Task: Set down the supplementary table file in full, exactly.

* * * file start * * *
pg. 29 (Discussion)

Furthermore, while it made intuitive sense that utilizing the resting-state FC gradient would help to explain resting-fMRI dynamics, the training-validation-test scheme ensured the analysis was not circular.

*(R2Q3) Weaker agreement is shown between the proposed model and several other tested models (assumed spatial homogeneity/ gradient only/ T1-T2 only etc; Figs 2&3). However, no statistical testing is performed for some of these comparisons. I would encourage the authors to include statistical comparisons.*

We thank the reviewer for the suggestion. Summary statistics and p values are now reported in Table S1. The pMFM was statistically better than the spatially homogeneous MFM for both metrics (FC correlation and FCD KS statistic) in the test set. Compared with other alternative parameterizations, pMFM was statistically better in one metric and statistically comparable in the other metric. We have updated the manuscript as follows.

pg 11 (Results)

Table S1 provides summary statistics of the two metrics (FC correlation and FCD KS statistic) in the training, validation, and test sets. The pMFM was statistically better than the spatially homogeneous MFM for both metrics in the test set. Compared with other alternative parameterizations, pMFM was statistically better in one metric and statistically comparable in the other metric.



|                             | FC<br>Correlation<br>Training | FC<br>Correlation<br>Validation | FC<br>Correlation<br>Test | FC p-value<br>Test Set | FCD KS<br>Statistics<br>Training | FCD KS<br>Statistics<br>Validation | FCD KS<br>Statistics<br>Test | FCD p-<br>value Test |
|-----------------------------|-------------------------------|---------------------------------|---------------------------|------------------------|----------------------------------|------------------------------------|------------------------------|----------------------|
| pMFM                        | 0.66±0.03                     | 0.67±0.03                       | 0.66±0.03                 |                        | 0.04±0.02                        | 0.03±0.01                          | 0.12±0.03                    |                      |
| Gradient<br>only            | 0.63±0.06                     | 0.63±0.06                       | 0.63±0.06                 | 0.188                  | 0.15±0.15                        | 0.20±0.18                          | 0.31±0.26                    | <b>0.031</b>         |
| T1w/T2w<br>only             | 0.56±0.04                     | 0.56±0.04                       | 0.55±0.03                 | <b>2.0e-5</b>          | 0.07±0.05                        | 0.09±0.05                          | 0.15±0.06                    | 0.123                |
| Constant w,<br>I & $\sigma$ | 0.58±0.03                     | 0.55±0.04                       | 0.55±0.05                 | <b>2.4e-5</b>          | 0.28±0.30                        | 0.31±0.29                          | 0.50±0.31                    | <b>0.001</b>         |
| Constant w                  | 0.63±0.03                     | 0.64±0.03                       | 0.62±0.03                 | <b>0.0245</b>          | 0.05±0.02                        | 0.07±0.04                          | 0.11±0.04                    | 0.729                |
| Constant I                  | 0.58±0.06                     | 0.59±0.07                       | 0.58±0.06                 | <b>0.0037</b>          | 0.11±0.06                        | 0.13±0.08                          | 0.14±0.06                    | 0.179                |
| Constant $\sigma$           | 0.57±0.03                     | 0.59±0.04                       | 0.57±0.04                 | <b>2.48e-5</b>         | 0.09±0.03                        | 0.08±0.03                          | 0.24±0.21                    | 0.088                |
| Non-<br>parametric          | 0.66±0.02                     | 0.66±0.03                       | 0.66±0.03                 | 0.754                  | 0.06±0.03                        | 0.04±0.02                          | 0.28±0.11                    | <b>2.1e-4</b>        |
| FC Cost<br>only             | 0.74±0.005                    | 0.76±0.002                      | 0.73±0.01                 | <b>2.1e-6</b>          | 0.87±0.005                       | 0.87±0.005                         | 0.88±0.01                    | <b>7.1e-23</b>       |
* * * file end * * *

pg. 29 (Discussion)

Furthermore, while it made intuitive sense that utilizing the resting-state FC gradient would help to explain resting-fMRI dynamics, the training-validation-test scheme ensured the analysis was not circular.

*(R2Q3) Weaker agreement is shown between the proposed model and several other tested models (assumed spatial homogeneity/ gradient only/ T1-T2 only etc; Figs 2&3). However, no statistical testing is performed for some of these comparisons. I would encourage the authors to include statistical comparisons.*

We thank the reviewer for the suggestion. Summary statistics and p values are now reported in Table S1. The pMFM was statistically better than the spatially homogeneous MFM for both metrics (FC correlation and FCD KS statistic) in the test set. Compared with other alternative parameterizations, pMFM was statistically better in one metric and statistically comparable in the other metric. We have updated the manuscript as follows.

pg 11 (Results)

Table S1 provides summary statistics of the two metrics (FC correlation and FCD KS statistic) in the training, validation, and test sets. The pMFM was statistically better than the spatially homogeneous MFM for both metrics in the test set. Compared with other alternative parameterizations, pMFM was statistically better in one metric and statistically comparable in the other metric.



|                             | FC<br>Correlation<br>Training | FC<br>Correlation<br>Validation | FC<br>Correlation<br>Test | FC p-value<br>Test Set | FCD KS<br>Statistics<br>Training | FCD KS<br>Statistics<br>Validation | FCD KS<br>Statistics<br>Test | FCD p-<br>value Test |
|-----------------------------|-------------------------------|---------------------------------|---------------------------|------------------------|----------------------------------|------------------------------------|------------------------------|----------------------|
| pMFM                        | 0.66±0.03                     | 0.67±0.03                       | 0.66±0.03                 |                        | 0.04±0.02                        | 0.03±0.01                          | 0.12±0.03                    |                      |
| Gradient<br>only            | 0.63±0.06                     | 0.63±0.06                       | 0.63±0.06                 | 0.188                  | 0.15±0.15                        | 0.20±0.18                          | 0.31±0.26                    | <b>0.031</b>         |
| T1w/T2w<br>only             | 0.56±0.04                     | 0.56±0.04                       | 0.55±0.03                 | <b>2.0e-5</b>          | 0.07±0.05                        | 0.09±0.05                          | 0.15±0.06                    | 0.123                |
| Constant w,<br>I & $\sigma$ | 0.58±0.03                     | 0.55±0.04                       | 0.55±0.05                 | <b>2.4e-5</b>          | 0.28±0.30                        | 0.31±0.29                          | 0.50±0.31                    | <b>0.001</b>         |
| Constant w                  | 0.63±0.03                     | 0.64±0.03                       | 0.62±0.03                 | <b>0.0245</b>          | 0.05±0.02                        | 0.07±0.04                          | 0.11±0.04                    | 0.729                |
| Constant I                  | 0.58±0.06                     | 0.59±0.07                       | 0.58±0.06                 | <b>0.0037</b>          | 0.11±0.06                        | 0.13±0.08                          | 0.14±0.06                    | 0.179                |
| Constant $\sigma$           | 0.57±0.03                     | 0.59±0.04                       | 0.57±0.04                 | <b>2.48e-5</b>         | 0.09±0.03                        | 0.08±0.03                          | 0.24±0.21                    | 0.088                |
| Non-<br>parametric          | 0.66±0.02                     | 0.66±0.03                       | 0.66±0.03                 | 0.754                  | 0.06±0.03                        | 0.04±0.02                          | 0.28±0.11                    | <b>2.1e-4</b>        |
| FC Cost<br>only             | 0.74±0.005                    | 0.76±0.002                      | 0.73±0.01                 | <b>2.1e-6</b>          | 0.87±0.005                       | 0.87±0.005                         | 0.88±0.01                    | <b>7.1e-23</b>       |